Sometimes my little sister and I will meet up online at ESO and run a dungeon or two. Sometimes her boyfriend will join us. We’ll talk on discord while we fight Daedra and Dremora.

But there are more nights when I’m alone. I don’t know if solitude helps processing grief or makes it harder. All I know is I have so much time to think that sometimes I can’t help but feel.

Crying on the couch

It was my little sister who turned me onto the discord channel for Covid Losers. Everyone there has lost someone or something to the pandemic. There are a lot of people like our family who lost parents. Then there are others who lost jobs, houses, plans, graduations, weddings, or their health.

It’s ripped into all of our lives.

Writing on the computer

Somehow, that doesn’t make me feel worse. It’s not schadenfreude, for I’m not happy at their suffering. It’s just that, I’m not so alone.

Brewing coffee

I wouldn’t wish for anyone to lose anyone or anything.

But talking to the others on discord, I realize that we aren’t losing alone. It’s like, we haven’t been singled out.

Eating alone at the counter

It’s swept through all our lives.

Drinking coffee

It’s winter now. Solstice. It’s dark by 4:15, and the silence is greater than I’d imagined.

I’ve been remembering how, even though my dad didn’t really talk, he used to sing.

Standing outside at night

He liked to sing happy songs, “Mares Eat Oats.” But he liked to sing hymns, too, especially the tragic ones. I must have heard him sing more words than I ever heard him speak.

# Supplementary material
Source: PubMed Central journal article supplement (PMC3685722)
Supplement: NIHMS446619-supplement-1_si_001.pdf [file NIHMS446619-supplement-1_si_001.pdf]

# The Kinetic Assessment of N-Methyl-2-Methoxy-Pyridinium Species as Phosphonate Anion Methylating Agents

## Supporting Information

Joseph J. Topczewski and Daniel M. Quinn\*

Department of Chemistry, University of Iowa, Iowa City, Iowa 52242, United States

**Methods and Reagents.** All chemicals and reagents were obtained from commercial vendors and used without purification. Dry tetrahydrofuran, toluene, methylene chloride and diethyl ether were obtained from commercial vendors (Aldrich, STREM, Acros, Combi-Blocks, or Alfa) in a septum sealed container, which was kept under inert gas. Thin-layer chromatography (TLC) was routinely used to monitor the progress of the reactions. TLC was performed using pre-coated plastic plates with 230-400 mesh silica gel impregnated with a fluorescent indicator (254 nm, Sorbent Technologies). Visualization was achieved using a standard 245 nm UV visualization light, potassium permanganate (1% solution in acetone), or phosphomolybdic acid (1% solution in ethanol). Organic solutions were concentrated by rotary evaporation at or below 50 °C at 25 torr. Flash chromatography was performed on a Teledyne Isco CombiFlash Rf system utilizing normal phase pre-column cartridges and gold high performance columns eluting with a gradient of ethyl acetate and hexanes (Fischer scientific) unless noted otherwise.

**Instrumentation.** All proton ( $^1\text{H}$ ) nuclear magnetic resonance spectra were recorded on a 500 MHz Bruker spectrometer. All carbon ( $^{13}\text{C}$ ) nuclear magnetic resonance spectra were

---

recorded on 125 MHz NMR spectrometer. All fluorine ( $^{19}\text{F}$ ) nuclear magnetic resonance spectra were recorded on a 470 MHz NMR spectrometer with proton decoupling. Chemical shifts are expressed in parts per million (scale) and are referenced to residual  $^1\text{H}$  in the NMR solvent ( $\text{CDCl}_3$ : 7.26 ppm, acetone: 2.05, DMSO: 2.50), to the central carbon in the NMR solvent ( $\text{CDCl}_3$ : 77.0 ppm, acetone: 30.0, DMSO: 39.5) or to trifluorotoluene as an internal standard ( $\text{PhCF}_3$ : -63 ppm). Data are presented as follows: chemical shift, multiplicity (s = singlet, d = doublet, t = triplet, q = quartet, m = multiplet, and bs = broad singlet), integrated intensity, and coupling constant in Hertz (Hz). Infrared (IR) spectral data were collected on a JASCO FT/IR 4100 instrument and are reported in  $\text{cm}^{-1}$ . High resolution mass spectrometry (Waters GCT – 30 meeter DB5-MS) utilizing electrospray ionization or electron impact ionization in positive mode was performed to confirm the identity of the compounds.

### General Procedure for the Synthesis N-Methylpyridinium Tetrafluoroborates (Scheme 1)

When I was little, I used to listen for his bass, winding through the house. I could feel the low notes in my bones. Sometimes I sing now, in a voice that sounds like his.

On the solstice, I go out into the dark night. I think of everyone I know who has lost someone, something. I think of my two sisters and their households. I think of the countless people I don’t know, who have lost, too, and how this darkness holds all of us, in its silence, the stilled voices of those who no longer speak.

Profile in night

And in a voice that sounds like my dad’s, I sing into the darkness:

Holy, holy, holy!
Though the darkness hide thee
Only Thou art holy

Looking out into the peaceful darkness

As I sing, words don’t matter. It’s just voice, the deep resonance, that reaches out, fills the space, calls in memory, pulls out feelings. Around the world, people cry, and sing, and laugh, and weep some more, and this darkness surrounds them, with their living, breathing voices filling the emptiness.

This is the darkest night. Starting tomorrow, days will be longer.

Another Legacy 1.18

Ira stands at the mailbox